I became intimate before telling him I have herpes—Now what?
I recently started dating a man. On the first date, we became intimate (which I did not plan on happening). The day after, I told him that things moved too fast and that maybe we should get to know each other before becoming intimate again. My big concern is that I have genital herpes, and have been faced with the problem of becoming intimate before sharing that I have herpes. I came up with a plan on how to share this info, but it didn't happen in this particular relationship. Now, I don't know what to do because I am worried that I have shattered the trust in this relationship. Should I just walk away from it and use it as a lesson on how to approach a relationship next time or tell him?
Thank you for your help,
Dear Indecisive one,
Plans don't always go according to schedule. Things may go further or faster than expected, and your plans may fall by the wayside. It’s clear that you care for your partner’s well-being. That being said, it’s not too late to disclose your health status. Continuing to withhold this information while he engages in sexual activity will keep him in the dark about his own status longer, which will only increase the likelihood that he might unknowingly pass it to others in the future. Disclosing to your partner would involve admitting to your oversight and expressing your regret, as well as forgiving yourself and moving forward.
If you decide to tell him, it’s good to have a comprehensive understanding of the sexually transmitted infection (STI) so you can provide him with reliable information when the time comes. You can explain that genital herpes is spread through vaginal, anal, or oral sex with an infected person. The risk of transmission is highest when the infected person has an active outbreak, particularly if they develop sores; that said, you can still infect your partner even if you're asymptomatic. While condoms do help lower the risk of transmission, they don’t offer complete protection against the virus.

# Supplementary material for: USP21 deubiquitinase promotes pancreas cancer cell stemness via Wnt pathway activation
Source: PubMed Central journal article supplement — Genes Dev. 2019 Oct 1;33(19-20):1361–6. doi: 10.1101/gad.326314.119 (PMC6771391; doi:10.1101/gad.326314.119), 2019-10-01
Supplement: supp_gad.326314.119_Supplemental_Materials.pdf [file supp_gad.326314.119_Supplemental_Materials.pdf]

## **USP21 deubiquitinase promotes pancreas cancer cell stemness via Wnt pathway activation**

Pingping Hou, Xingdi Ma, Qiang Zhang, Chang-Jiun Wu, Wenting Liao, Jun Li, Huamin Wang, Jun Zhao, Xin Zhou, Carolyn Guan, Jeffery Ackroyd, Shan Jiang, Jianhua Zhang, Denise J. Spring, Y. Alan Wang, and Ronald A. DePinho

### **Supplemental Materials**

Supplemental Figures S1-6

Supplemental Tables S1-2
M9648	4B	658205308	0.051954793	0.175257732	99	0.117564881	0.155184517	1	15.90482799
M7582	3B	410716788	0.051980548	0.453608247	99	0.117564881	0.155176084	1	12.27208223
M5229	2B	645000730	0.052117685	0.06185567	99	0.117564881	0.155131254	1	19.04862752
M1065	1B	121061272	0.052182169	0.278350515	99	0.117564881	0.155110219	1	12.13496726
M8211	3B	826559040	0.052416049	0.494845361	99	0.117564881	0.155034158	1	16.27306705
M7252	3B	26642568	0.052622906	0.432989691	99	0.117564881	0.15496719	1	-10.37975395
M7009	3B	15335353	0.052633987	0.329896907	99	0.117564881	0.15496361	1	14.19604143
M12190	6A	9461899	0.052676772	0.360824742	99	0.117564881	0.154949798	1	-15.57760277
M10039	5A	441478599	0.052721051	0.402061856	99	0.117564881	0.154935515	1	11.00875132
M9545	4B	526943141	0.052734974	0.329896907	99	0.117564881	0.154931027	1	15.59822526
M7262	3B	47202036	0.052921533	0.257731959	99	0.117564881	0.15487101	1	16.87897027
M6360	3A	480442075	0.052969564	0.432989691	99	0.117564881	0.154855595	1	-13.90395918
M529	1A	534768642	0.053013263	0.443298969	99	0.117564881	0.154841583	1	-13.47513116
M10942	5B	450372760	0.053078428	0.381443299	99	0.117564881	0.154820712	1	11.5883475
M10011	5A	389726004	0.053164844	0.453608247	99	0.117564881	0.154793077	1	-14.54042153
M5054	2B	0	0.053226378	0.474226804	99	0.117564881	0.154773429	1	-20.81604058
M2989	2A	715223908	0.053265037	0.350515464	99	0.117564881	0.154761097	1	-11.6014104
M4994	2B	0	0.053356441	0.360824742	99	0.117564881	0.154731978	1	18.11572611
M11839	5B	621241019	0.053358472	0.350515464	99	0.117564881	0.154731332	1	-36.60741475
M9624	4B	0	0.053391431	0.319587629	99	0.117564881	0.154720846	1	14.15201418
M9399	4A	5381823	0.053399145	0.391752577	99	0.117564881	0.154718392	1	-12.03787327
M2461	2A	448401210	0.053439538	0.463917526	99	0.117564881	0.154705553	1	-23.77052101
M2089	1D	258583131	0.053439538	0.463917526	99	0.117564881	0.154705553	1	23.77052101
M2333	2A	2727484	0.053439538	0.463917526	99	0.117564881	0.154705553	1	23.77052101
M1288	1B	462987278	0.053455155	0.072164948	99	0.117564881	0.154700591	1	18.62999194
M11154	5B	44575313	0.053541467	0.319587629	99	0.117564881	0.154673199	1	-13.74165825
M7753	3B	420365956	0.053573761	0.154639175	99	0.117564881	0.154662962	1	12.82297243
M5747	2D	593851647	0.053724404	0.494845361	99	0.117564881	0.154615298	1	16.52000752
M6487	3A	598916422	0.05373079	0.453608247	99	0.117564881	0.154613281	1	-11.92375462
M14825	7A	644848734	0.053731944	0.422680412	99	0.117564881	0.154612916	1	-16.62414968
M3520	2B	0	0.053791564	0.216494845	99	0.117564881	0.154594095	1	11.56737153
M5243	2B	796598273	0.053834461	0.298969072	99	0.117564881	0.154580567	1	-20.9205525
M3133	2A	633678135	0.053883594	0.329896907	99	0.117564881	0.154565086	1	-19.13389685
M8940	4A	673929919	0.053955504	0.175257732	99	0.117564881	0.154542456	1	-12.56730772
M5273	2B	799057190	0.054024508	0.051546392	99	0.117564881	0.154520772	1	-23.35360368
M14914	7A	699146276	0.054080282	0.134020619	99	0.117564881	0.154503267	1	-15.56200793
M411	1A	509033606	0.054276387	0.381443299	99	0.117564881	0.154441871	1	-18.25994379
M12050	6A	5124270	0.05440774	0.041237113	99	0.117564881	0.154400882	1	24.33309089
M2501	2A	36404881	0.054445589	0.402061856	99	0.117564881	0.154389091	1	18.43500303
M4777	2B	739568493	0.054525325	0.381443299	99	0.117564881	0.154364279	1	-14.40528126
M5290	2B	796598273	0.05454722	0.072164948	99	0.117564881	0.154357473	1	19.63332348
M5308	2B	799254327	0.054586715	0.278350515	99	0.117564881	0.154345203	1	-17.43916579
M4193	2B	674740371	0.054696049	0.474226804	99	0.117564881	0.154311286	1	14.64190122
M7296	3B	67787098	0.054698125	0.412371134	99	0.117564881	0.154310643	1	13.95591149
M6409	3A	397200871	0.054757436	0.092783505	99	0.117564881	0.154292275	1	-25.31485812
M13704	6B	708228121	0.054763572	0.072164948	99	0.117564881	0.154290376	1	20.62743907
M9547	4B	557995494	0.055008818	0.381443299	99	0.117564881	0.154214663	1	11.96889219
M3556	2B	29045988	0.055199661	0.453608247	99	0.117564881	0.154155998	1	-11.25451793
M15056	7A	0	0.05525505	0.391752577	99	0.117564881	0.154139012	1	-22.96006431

While there is no cure for genital herpes, it can be treated with antiviral medication such as acyclovir, famciclovir, and valacyclovir. These pills are considered safe for long-term use, and they're used to help sores heal during an initial outbreak, lower the risk and frequency of outbreaks, ease the severity and duration of symptoms during recurrent outbreaks, and reduce the chances of passing the virus on to partner(s). A health care provider will determine the right course of treatment depending on the person's sexual activity, medical history, the severity of the condition, and the frequency of the outbreaks.
Furthermore, if he does end up getting herpes, it increases the risk of contracting other STIs because they can be transmitted more easily through contact with open or leaking herpes sores during sex. These sores can transfer the virus from the genitals to different parts of the body, such as the mouth, if contact is made. If your partner is immunocompromised, a herpes outbreak could cause more severe symptoms than normal, such as swollen lymph nodes and flu-like symptoms.